Ever since the infamous case of Baby M. in 1986, both surrogates and those who plan to become the child's legal parents are aware of the potential for contract disputes. At that time, the focus revolved around two questions: Is it legal for a woman to receive monetary compensation for a child she carried in her womb for someone else? And who really is the legal mother?
Since the early 2000s, however, surrogate legal services has gotten more complicated. The introduction of in vitro fertilization, IVF, and the legal and social acceptance of gay marriage has led to other disputes. Questions have been raised, such as: If the surrogate is inseminated via IVF, and the embryo is unrelated to her, are her rights to parentage the same as those of a traditional surrogate? How does the court system determine who the natural mother is during a custody dispute? Are those in same-sex relationships entitled to surrogacy services in order to have a child?
However, the primary issue that applies to all of these concerns is simply whether or not surrogacy contracts are valid and if the court should enforce them. This question went largely unanswered until the year 2000 with the introduction of the Uniform Parenting Act. The UPA stated that surrogacy contracts are valid and enforceable.
The American Bar Association (ABA) followed with the Model Act Governing Assisted Reproductive Technologies, adopted by the ABA House of Delegates in 2008. Its purpose is to protect the rights of all parties of a surrogacy contract. Expanded on and approved in 2016, it provides a basis for jurisdictions to create laws governing surrogate legal services.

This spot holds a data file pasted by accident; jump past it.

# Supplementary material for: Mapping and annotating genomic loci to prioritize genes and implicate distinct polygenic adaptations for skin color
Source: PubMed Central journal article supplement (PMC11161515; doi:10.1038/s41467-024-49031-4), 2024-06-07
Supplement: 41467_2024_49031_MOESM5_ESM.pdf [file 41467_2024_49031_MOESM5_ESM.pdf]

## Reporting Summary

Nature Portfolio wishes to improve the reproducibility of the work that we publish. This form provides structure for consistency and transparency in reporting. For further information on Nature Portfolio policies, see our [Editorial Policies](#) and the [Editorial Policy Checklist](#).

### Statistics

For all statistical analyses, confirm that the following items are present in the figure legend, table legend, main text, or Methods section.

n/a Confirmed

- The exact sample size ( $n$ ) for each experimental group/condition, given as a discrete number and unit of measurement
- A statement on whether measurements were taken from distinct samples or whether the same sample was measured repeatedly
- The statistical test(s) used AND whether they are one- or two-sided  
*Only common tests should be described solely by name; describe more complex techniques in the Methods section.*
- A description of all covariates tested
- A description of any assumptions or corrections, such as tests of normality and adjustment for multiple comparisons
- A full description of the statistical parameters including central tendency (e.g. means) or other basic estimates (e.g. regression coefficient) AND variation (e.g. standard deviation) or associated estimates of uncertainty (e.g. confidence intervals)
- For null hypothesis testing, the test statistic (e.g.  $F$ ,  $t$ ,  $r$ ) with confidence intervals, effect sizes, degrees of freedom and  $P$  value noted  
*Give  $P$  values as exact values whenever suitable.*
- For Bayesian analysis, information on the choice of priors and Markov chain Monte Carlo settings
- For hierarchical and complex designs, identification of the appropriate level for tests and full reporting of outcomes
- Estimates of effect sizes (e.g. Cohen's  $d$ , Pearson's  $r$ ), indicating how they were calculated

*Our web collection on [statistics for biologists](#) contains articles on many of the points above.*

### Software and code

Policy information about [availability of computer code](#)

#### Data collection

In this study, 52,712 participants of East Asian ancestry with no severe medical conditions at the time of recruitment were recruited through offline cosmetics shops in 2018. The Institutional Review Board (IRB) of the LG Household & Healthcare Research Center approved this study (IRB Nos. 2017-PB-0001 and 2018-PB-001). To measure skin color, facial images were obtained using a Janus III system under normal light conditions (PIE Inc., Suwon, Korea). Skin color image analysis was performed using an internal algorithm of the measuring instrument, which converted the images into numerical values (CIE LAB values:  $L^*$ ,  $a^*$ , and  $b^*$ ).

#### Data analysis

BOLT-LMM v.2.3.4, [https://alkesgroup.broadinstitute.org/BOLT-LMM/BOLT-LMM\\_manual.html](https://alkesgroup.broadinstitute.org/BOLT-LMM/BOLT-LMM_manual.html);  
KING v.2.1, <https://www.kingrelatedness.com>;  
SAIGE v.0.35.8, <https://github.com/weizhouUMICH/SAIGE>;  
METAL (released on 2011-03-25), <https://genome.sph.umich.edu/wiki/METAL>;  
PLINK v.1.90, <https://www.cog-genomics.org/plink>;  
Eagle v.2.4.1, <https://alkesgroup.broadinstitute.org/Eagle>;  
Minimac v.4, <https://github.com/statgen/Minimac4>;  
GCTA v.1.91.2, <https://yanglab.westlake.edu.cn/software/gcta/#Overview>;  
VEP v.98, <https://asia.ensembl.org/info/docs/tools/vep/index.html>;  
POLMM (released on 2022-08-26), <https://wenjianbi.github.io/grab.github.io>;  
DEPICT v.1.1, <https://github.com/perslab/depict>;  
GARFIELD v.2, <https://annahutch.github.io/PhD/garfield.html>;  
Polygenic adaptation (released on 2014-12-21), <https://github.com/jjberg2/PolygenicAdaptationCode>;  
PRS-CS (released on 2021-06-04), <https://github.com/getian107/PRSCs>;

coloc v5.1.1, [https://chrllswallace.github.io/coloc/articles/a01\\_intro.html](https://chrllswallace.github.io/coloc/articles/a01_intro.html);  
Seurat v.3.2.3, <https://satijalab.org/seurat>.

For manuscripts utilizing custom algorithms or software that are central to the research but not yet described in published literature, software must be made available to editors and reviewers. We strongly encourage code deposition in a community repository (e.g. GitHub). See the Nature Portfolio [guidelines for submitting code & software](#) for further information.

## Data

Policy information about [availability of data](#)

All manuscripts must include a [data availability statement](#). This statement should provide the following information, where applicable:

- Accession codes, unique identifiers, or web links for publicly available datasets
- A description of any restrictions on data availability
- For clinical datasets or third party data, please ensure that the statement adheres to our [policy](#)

This has led to surrogacy laws differing from one state to another.
Today most courts consider two aspects of the law as it relates to surrogacy contracts. The first is whether or not the contract is unconscionable, meaning it is unfairly one-sided, that one party is favored over the other. The second is something called the Commodification Argument. It purports that reproductive contracts, such as surrogacy contracts, are effectively treating women and children as commodities.
Neither aspect, however, is sufficient reason not to enforce the surrogacy contract.
Before having a surrogacy contract drawn up, there are a wide range of topics to discuss, including individual preferences that may affect fetal development. It is very important that all parties are in full agreement before going forward.
Additionally, the surrogate has the right to make her own decisions about medical care, including the possibility of reducing the number of embryos if multiples are conceived. This subject should also be discussed in advance. There is no sense in going forward if the surrogate and prospective parents disagree on this subject.
Should a dispute over the terms of your surrogacy contract arise, your attorney will act as an intermediary to help you resolve any problems to the satisfaction of all parties.
A surrogacy contract is both complex and individualized, so you need an experienced attorney skilled in surrogate legal services who has your best interests at heart, someone who will explain things to you and answer all of your questions.
Jennifer Fairfax, LLC has 17 years experience in all areas of adoption counsel, including surrogate legal services, and is ready to help you on your journey to surrogacy.